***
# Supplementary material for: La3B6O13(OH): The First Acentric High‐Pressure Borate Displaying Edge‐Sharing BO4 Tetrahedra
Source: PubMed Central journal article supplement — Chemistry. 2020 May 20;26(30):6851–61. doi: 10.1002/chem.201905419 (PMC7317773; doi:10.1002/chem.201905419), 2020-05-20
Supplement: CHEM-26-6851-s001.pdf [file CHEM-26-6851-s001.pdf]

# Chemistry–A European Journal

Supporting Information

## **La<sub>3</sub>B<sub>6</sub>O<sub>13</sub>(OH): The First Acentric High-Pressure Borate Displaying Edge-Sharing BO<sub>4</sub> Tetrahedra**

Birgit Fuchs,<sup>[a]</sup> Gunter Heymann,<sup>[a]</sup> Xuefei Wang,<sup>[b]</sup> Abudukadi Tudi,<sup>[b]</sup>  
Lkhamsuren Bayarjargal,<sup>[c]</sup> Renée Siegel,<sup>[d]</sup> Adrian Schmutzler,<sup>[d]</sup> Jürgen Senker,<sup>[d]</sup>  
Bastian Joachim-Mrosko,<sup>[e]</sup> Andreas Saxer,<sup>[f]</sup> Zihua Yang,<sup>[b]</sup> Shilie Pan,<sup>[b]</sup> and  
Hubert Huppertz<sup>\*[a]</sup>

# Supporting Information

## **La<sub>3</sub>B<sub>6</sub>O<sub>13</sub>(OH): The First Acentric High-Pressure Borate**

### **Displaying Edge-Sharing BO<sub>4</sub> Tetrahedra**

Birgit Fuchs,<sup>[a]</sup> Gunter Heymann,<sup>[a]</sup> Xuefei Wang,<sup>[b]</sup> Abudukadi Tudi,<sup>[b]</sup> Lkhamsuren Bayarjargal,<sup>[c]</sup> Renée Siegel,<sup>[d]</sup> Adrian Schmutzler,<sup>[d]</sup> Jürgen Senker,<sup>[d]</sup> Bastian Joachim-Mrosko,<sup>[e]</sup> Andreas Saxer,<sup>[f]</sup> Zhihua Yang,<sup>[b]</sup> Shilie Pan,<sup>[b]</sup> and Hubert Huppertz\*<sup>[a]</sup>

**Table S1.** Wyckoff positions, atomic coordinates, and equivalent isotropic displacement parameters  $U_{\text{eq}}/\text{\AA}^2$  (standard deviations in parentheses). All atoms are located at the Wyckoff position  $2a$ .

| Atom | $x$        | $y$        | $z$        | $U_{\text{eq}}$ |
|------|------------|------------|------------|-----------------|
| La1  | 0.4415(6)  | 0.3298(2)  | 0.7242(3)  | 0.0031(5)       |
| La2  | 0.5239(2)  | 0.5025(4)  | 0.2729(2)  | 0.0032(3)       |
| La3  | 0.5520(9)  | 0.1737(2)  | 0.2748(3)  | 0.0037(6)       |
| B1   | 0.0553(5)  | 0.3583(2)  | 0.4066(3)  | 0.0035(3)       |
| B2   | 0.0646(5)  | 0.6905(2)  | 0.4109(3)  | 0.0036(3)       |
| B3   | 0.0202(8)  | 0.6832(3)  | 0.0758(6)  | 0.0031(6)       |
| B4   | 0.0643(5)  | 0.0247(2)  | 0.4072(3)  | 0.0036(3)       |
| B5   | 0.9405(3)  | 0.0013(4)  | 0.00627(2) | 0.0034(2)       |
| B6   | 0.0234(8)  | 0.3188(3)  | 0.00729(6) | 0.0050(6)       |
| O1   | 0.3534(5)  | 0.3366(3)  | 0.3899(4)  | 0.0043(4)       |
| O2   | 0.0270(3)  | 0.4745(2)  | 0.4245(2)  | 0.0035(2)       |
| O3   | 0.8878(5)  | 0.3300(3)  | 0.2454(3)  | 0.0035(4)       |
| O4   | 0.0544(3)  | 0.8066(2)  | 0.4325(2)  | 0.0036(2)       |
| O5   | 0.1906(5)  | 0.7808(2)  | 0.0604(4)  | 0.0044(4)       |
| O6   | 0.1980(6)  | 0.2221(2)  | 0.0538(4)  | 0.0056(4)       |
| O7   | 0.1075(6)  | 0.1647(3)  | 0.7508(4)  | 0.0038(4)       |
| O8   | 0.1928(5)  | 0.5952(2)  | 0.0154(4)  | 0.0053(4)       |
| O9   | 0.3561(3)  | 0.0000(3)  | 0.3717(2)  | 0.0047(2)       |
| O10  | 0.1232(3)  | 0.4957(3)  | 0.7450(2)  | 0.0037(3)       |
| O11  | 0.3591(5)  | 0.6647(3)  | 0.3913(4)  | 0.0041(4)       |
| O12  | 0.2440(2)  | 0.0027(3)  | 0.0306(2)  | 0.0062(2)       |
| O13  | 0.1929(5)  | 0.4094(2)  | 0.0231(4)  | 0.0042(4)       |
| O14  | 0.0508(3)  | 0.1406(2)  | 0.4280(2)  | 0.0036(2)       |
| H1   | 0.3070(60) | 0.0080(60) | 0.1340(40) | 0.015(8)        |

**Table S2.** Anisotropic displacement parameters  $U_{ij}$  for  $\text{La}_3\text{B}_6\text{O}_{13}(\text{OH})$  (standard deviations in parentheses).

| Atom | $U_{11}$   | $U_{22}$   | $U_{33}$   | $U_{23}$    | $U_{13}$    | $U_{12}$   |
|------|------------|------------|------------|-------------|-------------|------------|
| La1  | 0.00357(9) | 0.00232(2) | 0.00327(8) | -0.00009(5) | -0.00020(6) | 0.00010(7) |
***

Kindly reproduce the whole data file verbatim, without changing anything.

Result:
# Supplementary material for: La3B6O13(OH): The First Acentric High‐Pressure Borate Displaying Edge‐Sharing BO4 Tetrahedra
Source: PubMed Central journal article supplement — Chemistry. 2020 May 20;26(30):6851–61. doi: 10.1002/chem.201905419 (PMC7317773; doi:10.1002/chem.201905419), 2020-05-20
Supplement: CHEM-26-6851-s001.pdf [file CHEM-26-6851-s001.pdf]

# Chemistry–A European Journal

Supporting Information

## **La<sub>3</sub>B<sub>6</sub>O<sub>13</sub>(OH): The First Acentric High-Pressure Borate Displaying Edge-Sharing BO<sub>4</sub> Tetrahedra**

Birgit Fuchs,<sup>[a]</sup> Gunter Heymann,<sup>[a]</sup> Xuefei Wang,<sup>[b]</sup> Abudukadi Tudi,<sup>[b]</sup>  
Lkhamsuren Bayarjargal,<sup>[c]</sup> Renée Siegel,<sup>[d]</sup> Adrian Schmutzler,<sup>[d]</sup> Jürgen Senker,<sup>[d]</sup>  
Bastian Joachim-Mrosko,<sup>[e]</sup> Andreas Saxer,<sup>[f]</sup> Zihua Yang,<sup>[b]</sup> Shilie Pan,<sup>[b]</sup> and  
Hubert Huppertz<sup>\*[a]</sup>

# Supporting Information

## **La<sub>3</sub>B<sub>6</sub>O<sub>13</sub>(OH): The First Acentric High-Pressure Borate**

### **Displaying Edge-Sharing BO<sub>4</sub> Tetrahedra**

Birgit Fuchs,<sup>[a]</sup> Gunter Heymann,<sup>[a]</sup> Xuefei Wang,<sup>[b]</sup> Abudukadi Tudi,<sup>[b]</sup> Lkhamsuren Bayarjargal,<sup>[c]</sup> Renée Siegel,<sup>[d]</sup> Adrian Schmutzler,<sup>[d]</sup> Jürgen Senker,<sup>[d]</sup> Bastian Joachim-Mrosko,<sup>[e]</sup> Andreas Saxer,<sup>[f]</sup> Zhihua Yang,<sup>[b]</sup> Shilie Pan,<sup>[b]</sup> and Hubert Huppertz\*<sup>[a]</sup>

**Table S1.** Wyckoff positions, atomic coordinates, and equivalent isotropic displacement parameters  $U_{\text{eq}}/\text{\AA}^2$  (standard deviations in parentheses). All atoms are located at the Wyckoff position  $2a$ .

| Atom | $x$        | $y$        | $z$        | $U_{\text{eq}}$ |
|------|------------|------------|------------|-----------------|
| La1  | 0.4415(6)  | 0.3298(2)  | 0.7242(3)  | 0.0031(5)       |
| La2  | 0.5239(2)  | 0.5025(4)  | 0.2729(2)  | 0.0032(3)       |
| La3  | 0.5520(9)  | 0.1737(2)  | 0.2748(3)  | 0.0037(6)       |
| B1   | 0.0553(5)  | 0.3583(2)  | 0.4066(3)  | 0.0035(3)       |
| B2   | 0.0646(5)  | 0.6905(2)  | 0.4109(3)  | 0.0036(3)       |
| B3   | 0.0202(8)  | 0.6832(3)  | 0.0758(6)  | 0.0031(6)       |
| B4   | 0.0643(5)  | 0.0247(2)  | 0.4072(3)  | 0.0036(3)       |
| B5   | 0.9405(3)  | 0.0013(4)  | 0.00627(2) | 0.0034(2)       |
| B6   | 0.0234(8)  | 0.3188(3)  | 0.00729(6) | 0.0050(6)       |
| O1   | 0.3534(5)  | 0.3366(3)  | 0.3899(4)  | 0.0043(4)       |
| O2   | 0.0270(3)  | 0.4745(2)  | 0.4245(2)  | 0.0035(2)       |
| O3   | 0.8878(5)  | 0.3300(3)  | 0.2454(3)  | 0.0035(4)       |
| O4   | 0.0544(3)  | 0.8066(2)  | 0.4325(2)  | 0.0036(2)       |
| O5   | 0.1906(5)  | 0.7808(2)  | 0.0604(4)  | 0.0044(4)       |
| O6   | 0.1980(6)  | 0.2221(2)  | 0.0538(4)  | 0.0056(4)       |
| O7   | 0.1075(6)  | 0.1647(3)  | 0.7508(4)  | 0.0038(4)       |
| O8   | 0.1928(5)  | 0.5952(2)  | 0.0154(4)  | 0.0053(4)       |
| O9   | 0.3561(3)  | 0.0000(3)  | 0.3717(2)  | 0.0047(2)       |
| O10  | 0.1232(3)  | 0.4957(3)  | 0.7450(2)  | 0.0037(3)       |
| O11  | 0.3591(5)  | 0.6647(3)  | 0.3913(4)  | 0.0041(4)       |
| O12  | 0.2440(2)  | 0.0027(3)  | 0.0306(2)  | 0.0062(2)       |
| O13  | 0.1929(5)  | 0.4094(2)  | 0.0231(4)  | 0.0042(4)       |
| O14  | 0.0508(3)  | 0.1406(2)  | 0.4280(2)  | 0.0036(2)       |
| H1   | 0.3070(60) | 0.0080(60) | 0.1340(40) | 0.015(8)        |

**Table S2.** Anisotropic displacement parameters  $U_{ij}$  for  $\text{La}_3\text{B}_6\text{O}_{13}(\text{OH})$  (standard deviations in parentheses).

| Atom | $U_{11}$   | $U_{22}$   | $U_{33}$   | $U_{23}$    | $U_{13}$    | $U_{12}$   |
|------|------------|------------|------------|-------------|-------------|------------|
| La1  | 0.00357(9) | 0.00232(2) | 0.00327(8) | -0.00009(5) | -0.00020(6) | 0.00010(7) |